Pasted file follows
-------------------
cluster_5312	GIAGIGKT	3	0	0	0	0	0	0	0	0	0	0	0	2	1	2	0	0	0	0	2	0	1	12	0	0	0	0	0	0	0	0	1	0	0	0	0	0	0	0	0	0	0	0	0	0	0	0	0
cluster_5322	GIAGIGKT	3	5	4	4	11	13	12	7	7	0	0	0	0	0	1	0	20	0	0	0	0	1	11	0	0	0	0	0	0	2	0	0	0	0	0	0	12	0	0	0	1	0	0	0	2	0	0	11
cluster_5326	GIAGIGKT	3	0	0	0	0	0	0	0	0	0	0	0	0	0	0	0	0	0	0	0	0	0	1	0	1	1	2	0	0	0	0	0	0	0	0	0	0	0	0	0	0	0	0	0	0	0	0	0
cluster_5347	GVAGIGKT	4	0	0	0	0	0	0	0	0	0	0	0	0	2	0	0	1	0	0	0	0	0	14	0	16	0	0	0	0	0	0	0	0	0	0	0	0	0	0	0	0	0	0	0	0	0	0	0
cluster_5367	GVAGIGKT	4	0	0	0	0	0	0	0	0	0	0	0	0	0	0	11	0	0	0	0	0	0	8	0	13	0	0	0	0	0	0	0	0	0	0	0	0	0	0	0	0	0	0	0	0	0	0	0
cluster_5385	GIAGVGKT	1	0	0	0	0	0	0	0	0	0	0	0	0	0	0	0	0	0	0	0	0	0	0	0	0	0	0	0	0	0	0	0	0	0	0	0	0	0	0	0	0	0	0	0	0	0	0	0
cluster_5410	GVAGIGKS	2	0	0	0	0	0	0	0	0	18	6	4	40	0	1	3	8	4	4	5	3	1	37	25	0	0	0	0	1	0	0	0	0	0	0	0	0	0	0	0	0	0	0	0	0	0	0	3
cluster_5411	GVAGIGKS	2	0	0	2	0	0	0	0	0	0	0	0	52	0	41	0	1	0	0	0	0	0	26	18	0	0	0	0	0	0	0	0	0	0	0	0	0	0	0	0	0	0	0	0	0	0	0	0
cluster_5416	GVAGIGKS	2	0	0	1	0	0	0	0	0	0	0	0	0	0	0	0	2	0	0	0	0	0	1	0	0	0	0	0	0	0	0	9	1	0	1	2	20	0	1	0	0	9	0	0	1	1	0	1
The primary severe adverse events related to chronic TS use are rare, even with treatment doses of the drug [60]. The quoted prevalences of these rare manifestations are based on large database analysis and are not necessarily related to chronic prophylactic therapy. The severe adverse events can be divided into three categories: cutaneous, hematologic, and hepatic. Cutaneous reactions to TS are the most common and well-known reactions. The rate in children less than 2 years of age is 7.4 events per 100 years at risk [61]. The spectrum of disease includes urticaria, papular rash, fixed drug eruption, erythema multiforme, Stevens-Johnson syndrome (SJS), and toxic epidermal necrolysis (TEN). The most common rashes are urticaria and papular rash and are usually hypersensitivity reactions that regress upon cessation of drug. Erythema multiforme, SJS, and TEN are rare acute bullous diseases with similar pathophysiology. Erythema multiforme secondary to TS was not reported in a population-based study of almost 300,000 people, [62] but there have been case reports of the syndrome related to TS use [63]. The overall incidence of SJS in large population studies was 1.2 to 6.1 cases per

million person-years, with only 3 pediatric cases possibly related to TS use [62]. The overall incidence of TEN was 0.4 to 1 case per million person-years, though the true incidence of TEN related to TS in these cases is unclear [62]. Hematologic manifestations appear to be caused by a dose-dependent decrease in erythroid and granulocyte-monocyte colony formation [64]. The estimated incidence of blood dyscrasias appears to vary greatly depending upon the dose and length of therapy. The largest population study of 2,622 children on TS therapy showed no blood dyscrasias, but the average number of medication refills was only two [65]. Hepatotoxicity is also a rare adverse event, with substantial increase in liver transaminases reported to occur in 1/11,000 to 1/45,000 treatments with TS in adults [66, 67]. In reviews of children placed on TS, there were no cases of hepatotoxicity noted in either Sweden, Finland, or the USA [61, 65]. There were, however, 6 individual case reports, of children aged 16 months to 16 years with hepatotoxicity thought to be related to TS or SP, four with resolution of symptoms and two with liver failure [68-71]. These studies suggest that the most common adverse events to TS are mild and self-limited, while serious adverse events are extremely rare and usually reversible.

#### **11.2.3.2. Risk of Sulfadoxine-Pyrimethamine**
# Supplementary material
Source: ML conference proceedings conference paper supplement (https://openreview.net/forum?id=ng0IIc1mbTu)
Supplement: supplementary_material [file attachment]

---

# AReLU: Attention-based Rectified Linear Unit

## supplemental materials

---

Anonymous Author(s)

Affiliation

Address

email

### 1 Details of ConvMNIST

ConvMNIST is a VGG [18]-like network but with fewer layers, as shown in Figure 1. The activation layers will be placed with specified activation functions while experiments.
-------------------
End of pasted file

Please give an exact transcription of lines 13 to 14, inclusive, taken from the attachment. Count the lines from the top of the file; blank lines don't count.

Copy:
# Supplementary material
Source: ML conference proceedings conference paper supplement (https://openreview.net/forum?id=ng0IIc1mbTu)